The way to save what’s left of the airline industry is by laying rail. Busting the trust fund and investing in mass transportation and high-speed passenger rail. Creating intermodal infrastructure to connect mass transportation to train to airports and back again. And by regulating transportation like the utilities they should be.

Do that, and there will be investor financing. Jobs. A stable stock price. Shorter security lines. Perhaps a return to more leg room. Happier passengers. And I can quit driving. We’ll all be better and safer for it.

Be careful what you wish for

mosquitoThe drought is now officially over. With the return of normal rain patterns, Sonny’s prayers have been answered. Most of the lakes are full with the stumps covered and the docks floating. Our lawns are green and the sprinklers are back on automatic. We are free to flush. Hallelujah.

They’re baaaack. With all the wishing and hoping, you might have forgotten what had made our Southern nights so wonderful these last few years. You won’t for long. Close your screen doors. Grab your insect repellent. Light your citronella. Fire up your fogger. The dreaded state bird of all the deep South, Diptera: Culicidae (aka: mosquito) is laying eggs and sucking blood like we haven’t seen in years. Yes, be careful what you wish for. Mother Nature can be a bitch. Though she’s got a heck of sense of humor.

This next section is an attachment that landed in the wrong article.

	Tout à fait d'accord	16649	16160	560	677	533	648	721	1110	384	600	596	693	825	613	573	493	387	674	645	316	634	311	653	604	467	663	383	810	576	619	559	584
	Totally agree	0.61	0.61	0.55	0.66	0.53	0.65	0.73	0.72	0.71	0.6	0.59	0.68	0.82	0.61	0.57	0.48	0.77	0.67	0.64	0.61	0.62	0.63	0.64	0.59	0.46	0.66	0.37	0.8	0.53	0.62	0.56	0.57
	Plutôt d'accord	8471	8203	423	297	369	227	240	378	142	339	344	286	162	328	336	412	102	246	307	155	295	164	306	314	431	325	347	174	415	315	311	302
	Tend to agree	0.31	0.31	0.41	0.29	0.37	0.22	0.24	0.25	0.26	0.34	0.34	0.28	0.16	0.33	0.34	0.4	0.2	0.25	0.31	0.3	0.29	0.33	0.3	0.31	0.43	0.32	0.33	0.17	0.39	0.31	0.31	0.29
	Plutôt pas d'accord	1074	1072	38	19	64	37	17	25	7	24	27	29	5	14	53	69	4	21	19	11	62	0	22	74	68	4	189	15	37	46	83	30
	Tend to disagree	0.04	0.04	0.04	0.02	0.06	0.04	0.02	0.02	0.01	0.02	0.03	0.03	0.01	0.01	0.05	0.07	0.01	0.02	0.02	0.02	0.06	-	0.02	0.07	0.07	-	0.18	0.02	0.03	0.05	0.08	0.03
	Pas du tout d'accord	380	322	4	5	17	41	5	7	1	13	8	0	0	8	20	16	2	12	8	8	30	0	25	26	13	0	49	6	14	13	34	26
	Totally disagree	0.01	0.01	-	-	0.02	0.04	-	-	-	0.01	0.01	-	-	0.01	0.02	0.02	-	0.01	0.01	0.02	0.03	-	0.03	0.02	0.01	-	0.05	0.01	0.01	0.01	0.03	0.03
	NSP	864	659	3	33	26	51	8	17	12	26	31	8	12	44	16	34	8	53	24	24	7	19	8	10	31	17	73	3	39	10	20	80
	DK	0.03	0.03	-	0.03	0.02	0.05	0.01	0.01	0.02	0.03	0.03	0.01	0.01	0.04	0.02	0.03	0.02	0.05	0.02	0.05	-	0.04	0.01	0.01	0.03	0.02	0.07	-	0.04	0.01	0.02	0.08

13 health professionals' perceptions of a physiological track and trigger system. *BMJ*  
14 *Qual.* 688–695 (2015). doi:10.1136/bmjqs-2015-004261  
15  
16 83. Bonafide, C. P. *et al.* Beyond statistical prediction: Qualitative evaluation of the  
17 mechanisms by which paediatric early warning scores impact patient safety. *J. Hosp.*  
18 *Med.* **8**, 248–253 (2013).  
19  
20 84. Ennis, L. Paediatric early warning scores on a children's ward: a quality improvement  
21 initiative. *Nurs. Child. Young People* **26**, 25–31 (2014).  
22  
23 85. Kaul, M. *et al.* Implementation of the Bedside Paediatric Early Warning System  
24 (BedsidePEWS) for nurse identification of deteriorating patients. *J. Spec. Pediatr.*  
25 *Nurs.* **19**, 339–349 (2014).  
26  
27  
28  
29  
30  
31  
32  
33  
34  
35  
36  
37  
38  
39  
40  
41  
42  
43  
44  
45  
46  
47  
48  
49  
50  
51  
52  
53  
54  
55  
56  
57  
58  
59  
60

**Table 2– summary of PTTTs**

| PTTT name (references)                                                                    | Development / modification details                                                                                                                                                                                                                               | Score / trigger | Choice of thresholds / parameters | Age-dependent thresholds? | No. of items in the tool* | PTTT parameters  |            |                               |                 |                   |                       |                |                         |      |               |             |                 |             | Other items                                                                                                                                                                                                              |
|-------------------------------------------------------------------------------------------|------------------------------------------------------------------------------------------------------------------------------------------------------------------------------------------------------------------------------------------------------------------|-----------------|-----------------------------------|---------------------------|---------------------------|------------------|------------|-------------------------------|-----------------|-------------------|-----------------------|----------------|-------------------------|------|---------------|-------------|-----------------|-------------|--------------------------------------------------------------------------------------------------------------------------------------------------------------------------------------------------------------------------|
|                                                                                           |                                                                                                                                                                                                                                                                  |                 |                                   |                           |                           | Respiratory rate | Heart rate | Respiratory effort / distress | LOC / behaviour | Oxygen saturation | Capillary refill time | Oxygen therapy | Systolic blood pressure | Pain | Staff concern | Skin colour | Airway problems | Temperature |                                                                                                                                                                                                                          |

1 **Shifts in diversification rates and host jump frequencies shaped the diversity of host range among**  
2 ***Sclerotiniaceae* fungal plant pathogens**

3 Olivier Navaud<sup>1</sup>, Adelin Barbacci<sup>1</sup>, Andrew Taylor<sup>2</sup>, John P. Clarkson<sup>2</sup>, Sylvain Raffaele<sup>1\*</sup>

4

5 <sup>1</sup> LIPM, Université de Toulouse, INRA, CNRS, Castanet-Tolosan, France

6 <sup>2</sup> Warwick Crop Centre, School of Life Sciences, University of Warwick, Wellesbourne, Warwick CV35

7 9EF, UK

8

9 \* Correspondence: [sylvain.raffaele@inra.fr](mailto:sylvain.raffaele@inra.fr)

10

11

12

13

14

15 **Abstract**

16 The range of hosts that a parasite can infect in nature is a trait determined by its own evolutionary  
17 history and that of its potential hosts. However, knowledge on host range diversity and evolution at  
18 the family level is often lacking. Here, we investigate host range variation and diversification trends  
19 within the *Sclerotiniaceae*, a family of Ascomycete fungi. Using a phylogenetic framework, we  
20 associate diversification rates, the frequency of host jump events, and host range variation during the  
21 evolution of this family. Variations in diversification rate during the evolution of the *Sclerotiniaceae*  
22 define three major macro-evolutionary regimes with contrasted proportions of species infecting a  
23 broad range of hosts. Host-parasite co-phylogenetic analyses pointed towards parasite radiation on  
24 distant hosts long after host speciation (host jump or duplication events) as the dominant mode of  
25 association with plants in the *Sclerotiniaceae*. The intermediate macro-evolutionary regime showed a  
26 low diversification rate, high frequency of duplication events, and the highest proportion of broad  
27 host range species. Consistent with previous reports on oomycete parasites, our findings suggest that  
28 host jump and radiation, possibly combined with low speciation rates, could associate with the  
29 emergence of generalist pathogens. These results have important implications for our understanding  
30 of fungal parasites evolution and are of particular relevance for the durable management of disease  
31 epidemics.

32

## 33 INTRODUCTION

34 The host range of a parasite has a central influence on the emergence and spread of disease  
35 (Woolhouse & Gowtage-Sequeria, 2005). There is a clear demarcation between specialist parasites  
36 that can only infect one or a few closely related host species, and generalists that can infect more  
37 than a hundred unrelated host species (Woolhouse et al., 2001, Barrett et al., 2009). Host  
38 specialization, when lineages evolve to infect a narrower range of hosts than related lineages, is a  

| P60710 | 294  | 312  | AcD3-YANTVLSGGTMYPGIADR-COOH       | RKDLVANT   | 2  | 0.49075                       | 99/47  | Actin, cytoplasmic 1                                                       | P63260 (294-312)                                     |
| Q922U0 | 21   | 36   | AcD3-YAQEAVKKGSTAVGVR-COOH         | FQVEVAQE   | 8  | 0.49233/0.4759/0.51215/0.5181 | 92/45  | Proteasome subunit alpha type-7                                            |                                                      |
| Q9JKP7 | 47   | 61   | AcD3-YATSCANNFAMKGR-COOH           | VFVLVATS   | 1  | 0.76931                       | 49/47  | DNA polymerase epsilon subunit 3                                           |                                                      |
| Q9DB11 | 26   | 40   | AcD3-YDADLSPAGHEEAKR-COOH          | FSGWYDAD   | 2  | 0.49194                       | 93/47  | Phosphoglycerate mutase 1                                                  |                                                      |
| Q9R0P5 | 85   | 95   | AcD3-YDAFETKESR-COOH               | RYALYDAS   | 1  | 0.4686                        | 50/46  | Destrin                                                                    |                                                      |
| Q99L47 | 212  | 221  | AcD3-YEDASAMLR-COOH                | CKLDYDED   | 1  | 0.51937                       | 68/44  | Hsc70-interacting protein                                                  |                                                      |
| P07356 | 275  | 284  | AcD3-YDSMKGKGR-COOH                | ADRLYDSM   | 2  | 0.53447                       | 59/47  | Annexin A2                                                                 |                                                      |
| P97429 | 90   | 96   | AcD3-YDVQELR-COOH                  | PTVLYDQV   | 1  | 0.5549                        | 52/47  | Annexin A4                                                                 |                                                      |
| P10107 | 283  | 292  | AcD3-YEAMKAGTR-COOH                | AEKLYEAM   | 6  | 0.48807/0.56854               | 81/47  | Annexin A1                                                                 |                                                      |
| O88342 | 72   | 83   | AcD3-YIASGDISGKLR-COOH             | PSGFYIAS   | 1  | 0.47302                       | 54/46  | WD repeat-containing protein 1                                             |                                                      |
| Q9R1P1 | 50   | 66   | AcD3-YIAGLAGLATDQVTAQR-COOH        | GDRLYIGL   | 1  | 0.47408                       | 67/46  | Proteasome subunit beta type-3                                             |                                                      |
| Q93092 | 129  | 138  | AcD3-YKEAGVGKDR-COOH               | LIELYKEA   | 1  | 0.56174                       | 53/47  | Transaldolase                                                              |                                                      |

Click here to get your local mosquito forecast.

Change we can only believe in

carrier5America was founded on change, wasn’t it? Why is it so hard to change now?

Didn’t our fore-parents unabashedly give up their lives in the old world for a new start in a new land? Not really. While some adventurers and liberals came for the promise of a new start and riches in this new land, more came to escape their struggle against the monarchs and entrenched power of the old world or to escape religious persecution. Others came as indentured servants or to escape debtors prison. Many more were forced to come as slaves. Change is hard. Seldom voluntary. Often forced. And, typically, when other choices are worse, or no longer possible.